Thursday, November 28, 2013

Sometimes We Make Music - Forgotten Tales (EP) (2013)

What's in a name? Sometimes, nothing at all. A jumbled group of words representing nothing more than what gets listed on venue bills and album spines. Sometimes, though, a name says so much more than the words on paper. It might result in a double take, or serious inquisition, but seeing the name Sometimes We Make Music sprawled across your computer screen might seem like the former, when, in fact, it is quite literally the latter. Formed earlier this year after the disbanding of their main project, Ivar T. Oftedal and Danny V. Johannessen made the easy decision that they weren't done writing and recording together. That decision, though, paled in comparison to the next one they'd have to make; the name. Bucking the trend of ominous, sometimes bizarrely pretentious names, they went with one that made as much sense as any. Sometimes We Make Music was born that day in Norway, and after the release of their first EP, "Forgotten Tales," we can hope that "sometimes" quickly turns into "often."

With the opening instrumental, "Winter Is Coming," there is a noticeable influence at play here. But rather than let that influence dictate the track itself, "Game Of Thrones" is merely a setting. The composition here is outstanding, with the thumping drums complementing the cry of the guitar. But it is the symphonic element that ties everything together, through the use of horns and strings. Conversely, "The Warrior" is an exercise in dominance, with every series of drums pounding you further into the wall. But it is the vocals that fail to hit home here, lacking a real sense of identity or punch. Their delivery, which hovers between growls, screams, raspy cackles, and the occasional chant, is more miss than hit, particularly with the instrumental churning beneath. The chanting aspect, though, fits blissfully in the latter stages of the track, over a sea of crashing cymbals and keyboard fueled strings. The longest track on the EP which, not coincidentally, is also the most folk inspired might also be the best. "(For The) King Of The North" expands on the band's sound, instrumentally, while also solidifying it, vocally. The use of strings and keys here provides a sense of balance that might have seemed lacking. It quickly becomes an anthem; but not the kind of anthem that warrants a fist up. You'll nod, you'll sway, you'll find yourself completely immersed.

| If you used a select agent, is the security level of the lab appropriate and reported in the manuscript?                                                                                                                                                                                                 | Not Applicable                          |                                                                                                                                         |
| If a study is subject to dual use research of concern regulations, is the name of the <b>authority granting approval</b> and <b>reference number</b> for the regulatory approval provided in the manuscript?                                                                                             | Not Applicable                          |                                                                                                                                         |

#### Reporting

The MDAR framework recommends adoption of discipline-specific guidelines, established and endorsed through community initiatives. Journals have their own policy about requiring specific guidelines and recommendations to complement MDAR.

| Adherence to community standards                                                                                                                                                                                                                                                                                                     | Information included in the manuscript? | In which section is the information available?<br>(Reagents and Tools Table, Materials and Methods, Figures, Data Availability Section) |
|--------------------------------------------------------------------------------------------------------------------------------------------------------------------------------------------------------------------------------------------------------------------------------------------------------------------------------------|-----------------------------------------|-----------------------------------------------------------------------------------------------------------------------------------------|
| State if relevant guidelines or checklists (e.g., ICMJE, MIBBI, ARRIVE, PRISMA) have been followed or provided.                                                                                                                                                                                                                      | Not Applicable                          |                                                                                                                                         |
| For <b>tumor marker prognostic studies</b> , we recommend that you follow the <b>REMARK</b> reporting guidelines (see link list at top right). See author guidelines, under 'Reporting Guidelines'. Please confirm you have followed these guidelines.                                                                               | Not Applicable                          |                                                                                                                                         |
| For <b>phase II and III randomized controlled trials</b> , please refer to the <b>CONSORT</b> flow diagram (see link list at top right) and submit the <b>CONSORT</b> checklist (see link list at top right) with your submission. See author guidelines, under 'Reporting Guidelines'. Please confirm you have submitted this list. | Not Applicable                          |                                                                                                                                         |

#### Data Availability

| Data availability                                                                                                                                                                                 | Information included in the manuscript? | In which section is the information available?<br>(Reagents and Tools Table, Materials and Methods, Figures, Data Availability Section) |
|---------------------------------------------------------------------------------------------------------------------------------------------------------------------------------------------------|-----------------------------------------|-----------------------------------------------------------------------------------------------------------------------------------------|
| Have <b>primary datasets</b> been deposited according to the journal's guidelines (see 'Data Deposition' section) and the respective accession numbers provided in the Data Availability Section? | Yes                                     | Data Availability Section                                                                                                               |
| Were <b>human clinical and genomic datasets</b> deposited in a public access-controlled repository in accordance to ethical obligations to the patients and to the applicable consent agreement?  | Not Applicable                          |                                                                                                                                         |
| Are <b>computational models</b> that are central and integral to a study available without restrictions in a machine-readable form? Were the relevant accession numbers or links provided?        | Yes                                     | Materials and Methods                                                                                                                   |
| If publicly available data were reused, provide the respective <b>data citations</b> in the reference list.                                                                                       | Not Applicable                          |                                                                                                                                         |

When the tempo rises, there is added energy thrust into the mix. The opening seconds of "Showdown" fall into the category blistering, stepping the guitar and drum work up into another realm. They remain the constant throughout the album, in the best possible way, always commanding attention and awe. The repeated segment that ties chorus back into verse is as dynamic as any on the album, and easily the most likely to lodge itself in your brain stem. But aside from the string and percussion prowess, the track also showcases the best vocal performance. While still lacking a solid identity, the changing styles and deliveries simply fit more snugly here, with little exception. And because of that new found cohesion between voice and instrumental, the closing track, "Troll," feels even more like a grand misstep. It strips away a lot of that uniqueness, and reverts back into a basic folk metal format. This is not to say it's an entirely bad effort, but it fails to capitalize on the momentum they worked so hard to build to this point. The vocals now descend almost entirely into black metal screeches, while the lead guitar crafts a hook that seems wasted here.

I think it would be fair to say that EPs like this one create a level of confusion in their wake. There is no doubting the abilities the members of the band possess; the victories are far more convincing than the stumbles. But those scattered trip and fall moments do make the band name feel more like a warning than a moniker. By no means can anything on the disc be classified as sloppy; it is more ill-conceived than anything else. Tracks that cross over the five minute mark can be dangerous and rewarding at the same time, but their length can also be their biggest fault. When a song feels every bit as long as the run time indicates, you would be best advised to trim it down. And more often than not, you find yourself looking to see if a track is almost over, only to see you've just crossed the halfway mark. In the five songs contained here, Sometimes We Make Music run the entire gauntlet of possible outcomes, with some great successes and disappointments along the way. I think it might be a logical starting point for the next step. Sometimes We Make Music should start making music more often.


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